More concerning, Consumer Reports says when it comes to the information they're collecting and how they use it, it's often the automaker -- not the owner -- who's in the driver's seat.
Consumer Reports looked 2018 models, and found 32 out of 44 brands offer some kind of wireless data connection. More cars are also now equipped with cameras -- usually facing outside the vehicle -- but this one in the Tesla Model 3 faces INSIDE. The manual says the camera is not turned on right now, but it could be used in potential future features. Tesla promises that it will let customers know before they turn the camera on.
GM's 2018 Cadillac CT6 with super cruise also has an internal camera mounted right on the steering column. It monitors the driver for signs of distraction, but GM says doesn't capture or store video. Between cameras and sensors, cars are collecting all kinds of data about our driving habits. The question is....why? A lot of data is being collected to help automakers prepare for self-driving cars. It's a machine learning-process. They're using your data to map the roads and better understand how vehicles and people are going to react on those roads.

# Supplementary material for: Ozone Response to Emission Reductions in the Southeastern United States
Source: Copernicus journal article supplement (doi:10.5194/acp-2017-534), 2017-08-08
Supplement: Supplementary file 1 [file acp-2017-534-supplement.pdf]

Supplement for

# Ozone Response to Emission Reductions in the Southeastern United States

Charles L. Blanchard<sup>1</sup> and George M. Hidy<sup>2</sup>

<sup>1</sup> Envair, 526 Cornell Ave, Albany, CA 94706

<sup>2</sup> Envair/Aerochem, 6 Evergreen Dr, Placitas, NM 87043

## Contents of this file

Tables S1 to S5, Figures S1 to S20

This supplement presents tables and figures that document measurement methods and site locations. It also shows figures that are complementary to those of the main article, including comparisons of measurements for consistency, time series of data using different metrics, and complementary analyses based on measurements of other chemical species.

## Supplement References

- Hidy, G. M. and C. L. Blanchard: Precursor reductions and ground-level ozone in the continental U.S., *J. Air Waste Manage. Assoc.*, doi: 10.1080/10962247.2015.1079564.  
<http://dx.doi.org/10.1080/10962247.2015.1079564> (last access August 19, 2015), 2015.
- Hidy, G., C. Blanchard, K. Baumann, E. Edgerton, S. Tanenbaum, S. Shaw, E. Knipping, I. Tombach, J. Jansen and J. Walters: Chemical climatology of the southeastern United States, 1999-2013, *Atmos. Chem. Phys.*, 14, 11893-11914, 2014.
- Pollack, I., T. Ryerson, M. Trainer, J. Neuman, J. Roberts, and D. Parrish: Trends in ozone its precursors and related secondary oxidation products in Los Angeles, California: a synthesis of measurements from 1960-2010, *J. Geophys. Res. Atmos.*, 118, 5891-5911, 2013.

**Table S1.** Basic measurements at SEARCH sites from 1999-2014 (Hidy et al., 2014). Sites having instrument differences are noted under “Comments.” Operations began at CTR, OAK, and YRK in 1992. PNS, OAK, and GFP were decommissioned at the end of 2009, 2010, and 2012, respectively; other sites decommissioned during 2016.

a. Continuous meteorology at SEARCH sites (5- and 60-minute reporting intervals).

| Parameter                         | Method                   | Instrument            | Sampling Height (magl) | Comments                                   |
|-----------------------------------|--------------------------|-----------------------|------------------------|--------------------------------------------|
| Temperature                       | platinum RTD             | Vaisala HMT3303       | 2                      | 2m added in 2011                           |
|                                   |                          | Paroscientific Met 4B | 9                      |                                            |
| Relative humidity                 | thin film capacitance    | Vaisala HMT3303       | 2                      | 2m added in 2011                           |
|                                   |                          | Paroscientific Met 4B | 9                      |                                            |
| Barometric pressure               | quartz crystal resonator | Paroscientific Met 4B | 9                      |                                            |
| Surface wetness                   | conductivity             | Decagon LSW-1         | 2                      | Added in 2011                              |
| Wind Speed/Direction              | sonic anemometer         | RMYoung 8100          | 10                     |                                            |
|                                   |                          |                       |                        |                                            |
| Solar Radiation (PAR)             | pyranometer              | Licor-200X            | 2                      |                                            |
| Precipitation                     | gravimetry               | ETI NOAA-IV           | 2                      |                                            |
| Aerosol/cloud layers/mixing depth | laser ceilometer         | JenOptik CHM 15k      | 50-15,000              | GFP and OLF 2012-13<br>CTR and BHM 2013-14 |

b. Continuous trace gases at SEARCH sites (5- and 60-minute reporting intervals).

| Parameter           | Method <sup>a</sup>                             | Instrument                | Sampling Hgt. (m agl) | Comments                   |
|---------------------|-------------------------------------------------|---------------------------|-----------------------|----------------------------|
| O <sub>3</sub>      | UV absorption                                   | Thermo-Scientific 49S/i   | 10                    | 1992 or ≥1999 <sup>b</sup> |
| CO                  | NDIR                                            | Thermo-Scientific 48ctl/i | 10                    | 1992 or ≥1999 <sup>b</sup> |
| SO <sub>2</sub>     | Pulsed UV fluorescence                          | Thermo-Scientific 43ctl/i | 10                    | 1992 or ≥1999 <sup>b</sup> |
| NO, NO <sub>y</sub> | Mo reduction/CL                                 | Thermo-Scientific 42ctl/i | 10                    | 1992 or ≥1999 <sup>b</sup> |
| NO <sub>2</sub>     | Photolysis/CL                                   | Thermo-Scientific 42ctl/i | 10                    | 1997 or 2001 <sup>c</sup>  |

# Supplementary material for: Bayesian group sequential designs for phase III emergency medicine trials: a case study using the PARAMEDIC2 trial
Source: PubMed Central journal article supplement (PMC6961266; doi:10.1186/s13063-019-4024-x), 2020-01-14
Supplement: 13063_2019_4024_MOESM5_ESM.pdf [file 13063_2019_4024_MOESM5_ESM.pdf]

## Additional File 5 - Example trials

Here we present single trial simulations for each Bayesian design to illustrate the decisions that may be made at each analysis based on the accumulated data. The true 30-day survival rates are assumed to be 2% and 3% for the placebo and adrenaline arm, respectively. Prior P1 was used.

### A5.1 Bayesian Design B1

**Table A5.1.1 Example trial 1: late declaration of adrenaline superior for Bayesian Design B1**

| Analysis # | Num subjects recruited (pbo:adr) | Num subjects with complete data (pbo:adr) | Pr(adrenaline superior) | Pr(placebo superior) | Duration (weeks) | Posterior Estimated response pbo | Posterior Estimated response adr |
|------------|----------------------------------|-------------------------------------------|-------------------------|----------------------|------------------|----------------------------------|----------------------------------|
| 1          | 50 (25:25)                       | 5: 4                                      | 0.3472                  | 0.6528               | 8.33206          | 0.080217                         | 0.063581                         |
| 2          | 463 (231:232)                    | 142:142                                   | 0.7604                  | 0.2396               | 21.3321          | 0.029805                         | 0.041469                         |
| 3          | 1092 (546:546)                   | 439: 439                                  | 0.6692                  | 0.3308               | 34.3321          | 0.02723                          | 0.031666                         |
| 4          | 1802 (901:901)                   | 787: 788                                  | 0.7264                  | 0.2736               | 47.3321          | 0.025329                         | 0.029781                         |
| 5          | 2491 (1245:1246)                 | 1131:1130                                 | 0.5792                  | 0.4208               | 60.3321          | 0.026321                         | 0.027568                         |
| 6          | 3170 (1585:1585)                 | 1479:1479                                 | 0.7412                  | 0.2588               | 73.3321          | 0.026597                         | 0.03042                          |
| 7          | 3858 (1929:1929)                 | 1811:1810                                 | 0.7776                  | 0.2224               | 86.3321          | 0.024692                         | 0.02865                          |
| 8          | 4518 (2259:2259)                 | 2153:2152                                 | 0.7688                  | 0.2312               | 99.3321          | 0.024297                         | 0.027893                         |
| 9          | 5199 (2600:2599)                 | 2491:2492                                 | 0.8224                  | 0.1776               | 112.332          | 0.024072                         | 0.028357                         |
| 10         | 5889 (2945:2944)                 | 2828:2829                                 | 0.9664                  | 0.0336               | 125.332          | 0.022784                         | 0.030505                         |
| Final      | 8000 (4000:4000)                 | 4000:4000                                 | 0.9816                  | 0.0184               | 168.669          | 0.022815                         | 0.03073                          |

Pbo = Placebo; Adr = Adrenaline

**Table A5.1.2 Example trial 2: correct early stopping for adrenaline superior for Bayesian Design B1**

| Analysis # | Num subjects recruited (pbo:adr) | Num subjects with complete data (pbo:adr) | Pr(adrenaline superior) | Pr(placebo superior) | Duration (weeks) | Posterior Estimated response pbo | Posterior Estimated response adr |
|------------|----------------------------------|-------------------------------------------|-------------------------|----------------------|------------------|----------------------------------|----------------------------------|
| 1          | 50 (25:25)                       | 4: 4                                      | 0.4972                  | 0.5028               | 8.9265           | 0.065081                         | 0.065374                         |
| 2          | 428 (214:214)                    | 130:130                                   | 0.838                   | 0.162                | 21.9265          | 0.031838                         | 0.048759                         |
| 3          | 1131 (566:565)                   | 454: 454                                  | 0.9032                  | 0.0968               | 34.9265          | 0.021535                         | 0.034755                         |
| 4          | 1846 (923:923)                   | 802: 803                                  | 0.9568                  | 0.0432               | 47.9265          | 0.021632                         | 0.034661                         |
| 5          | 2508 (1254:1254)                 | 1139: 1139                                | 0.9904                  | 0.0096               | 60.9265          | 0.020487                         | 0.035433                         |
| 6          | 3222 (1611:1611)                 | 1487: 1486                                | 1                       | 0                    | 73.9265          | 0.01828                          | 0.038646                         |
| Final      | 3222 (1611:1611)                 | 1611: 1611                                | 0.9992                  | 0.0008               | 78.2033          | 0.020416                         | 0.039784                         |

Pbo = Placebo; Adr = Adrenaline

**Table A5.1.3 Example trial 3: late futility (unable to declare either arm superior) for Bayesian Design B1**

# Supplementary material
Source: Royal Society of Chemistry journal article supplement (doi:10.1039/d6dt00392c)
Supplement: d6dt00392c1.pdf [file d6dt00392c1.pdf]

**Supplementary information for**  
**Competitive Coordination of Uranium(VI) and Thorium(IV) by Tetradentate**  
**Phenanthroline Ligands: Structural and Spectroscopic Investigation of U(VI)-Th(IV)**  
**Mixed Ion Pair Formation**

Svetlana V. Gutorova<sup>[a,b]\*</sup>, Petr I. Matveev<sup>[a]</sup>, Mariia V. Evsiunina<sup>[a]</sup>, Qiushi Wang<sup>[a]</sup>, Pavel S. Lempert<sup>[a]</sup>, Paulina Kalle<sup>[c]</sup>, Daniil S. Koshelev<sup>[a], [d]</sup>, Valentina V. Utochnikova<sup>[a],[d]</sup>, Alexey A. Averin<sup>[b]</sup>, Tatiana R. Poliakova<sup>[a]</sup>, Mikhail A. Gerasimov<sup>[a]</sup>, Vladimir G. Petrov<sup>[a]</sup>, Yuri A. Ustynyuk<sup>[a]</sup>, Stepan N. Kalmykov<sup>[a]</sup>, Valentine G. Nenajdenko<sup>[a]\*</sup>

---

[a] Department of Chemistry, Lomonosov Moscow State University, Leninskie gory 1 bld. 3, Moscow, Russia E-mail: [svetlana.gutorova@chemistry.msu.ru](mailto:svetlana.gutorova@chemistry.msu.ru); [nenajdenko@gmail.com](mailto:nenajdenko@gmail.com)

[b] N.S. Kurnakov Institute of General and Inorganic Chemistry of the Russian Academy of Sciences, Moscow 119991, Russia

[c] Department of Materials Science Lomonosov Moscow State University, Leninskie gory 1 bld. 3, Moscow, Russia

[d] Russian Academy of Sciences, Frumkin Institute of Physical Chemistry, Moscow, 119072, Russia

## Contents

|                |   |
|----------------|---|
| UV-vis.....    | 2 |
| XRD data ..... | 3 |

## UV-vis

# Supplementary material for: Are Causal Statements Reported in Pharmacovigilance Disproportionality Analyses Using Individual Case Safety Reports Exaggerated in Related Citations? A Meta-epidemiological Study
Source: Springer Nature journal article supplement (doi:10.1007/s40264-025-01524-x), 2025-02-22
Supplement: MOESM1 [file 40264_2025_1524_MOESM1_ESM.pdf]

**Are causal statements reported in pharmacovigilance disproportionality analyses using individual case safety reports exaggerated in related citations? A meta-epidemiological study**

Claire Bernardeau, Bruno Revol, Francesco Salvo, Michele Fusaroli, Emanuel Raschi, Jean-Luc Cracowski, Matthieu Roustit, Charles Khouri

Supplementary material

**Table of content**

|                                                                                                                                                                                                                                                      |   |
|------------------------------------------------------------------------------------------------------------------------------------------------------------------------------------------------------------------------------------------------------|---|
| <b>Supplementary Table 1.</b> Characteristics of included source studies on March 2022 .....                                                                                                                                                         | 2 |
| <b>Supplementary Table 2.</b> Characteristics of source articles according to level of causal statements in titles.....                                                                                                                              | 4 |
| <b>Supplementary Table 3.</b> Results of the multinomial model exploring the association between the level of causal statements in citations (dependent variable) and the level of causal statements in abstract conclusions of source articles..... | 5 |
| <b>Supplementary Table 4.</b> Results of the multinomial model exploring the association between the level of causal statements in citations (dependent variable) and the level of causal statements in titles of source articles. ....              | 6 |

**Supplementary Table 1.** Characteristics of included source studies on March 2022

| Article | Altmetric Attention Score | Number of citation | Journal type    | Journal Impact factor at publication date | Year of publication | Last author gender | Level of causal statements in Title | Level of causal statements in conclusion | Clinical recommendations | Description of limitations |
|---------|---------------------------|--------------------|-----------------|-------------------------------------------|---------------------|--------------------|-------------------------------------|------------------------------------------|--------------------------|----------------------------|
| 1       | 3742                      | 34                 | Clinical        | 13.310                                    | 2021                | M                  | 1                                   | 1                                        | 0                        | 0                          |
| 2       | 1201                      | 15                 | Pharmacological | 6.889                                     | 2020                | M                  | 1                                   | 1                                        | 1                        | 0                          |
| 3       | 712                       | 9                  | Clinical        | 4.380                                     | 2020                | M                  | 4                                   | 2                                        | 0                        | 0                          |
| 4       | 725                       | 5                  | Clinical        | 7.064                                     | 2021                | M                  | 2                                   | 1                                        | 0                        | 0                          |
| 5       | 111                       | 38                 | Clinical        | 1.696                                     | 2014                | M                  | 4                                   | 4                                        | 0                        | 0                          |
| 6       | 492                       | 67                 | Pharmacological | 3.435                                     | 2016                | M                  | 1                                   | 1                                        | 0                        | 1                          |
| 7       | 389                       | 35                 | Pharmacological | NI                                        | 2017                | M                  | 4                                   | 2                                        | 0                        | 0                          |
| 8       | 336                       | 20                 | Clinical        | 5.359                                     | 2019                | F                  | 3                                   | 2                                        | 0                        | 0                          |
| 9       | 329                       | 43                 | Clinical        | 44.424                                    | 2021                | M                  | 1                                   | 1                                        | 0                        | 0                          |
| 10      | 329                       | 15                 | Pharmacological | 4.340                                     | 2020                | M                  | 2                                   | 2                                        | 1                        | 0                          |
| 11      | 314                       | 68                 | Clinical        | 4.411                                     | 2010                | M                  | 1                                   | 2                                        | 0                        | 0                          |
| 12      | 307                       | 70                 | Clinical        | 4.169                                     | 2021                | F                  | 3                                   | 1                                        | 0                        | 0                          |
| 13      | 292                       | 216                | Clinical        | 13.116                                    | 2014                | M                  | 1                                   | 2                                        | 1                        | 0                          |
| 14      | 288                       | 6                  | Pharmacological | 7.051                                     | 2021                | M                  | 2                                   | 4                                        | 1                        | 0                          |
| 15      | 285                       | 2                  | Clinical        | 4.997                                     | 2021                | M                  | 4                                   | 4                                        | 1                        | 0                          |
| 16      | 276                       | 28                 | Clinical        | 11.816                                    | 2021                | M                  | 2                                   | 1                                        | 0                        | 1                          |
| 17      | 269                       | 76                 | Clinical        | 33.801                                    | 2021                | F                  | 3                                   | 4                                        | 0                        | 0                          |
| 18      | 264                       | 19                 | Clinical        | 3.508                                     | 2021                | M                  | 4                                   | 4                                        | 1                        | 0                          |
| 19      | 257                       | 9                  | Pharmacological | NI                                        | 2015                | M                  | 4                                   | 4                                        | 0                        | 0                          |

The legal rules around car data are murky. A 2015 law says the crash data belongs to the owner, not the auto company, but that's just a very small fraction of the data your car is generating. The auto industry has issued voluntary guidelines around privacy practices but Consumers Union, CR's advocacy arm, would like to see more regulation and greater transparency, with car companies being upfront about what they're collecting. Consumers shouldn't be put in a position where they have to search for what's information is being gathered about them, how it's being gather and what it's being used for. Consumers Union would also like to see owners have the option to put the brakes on unwanted and unnecessary data collection.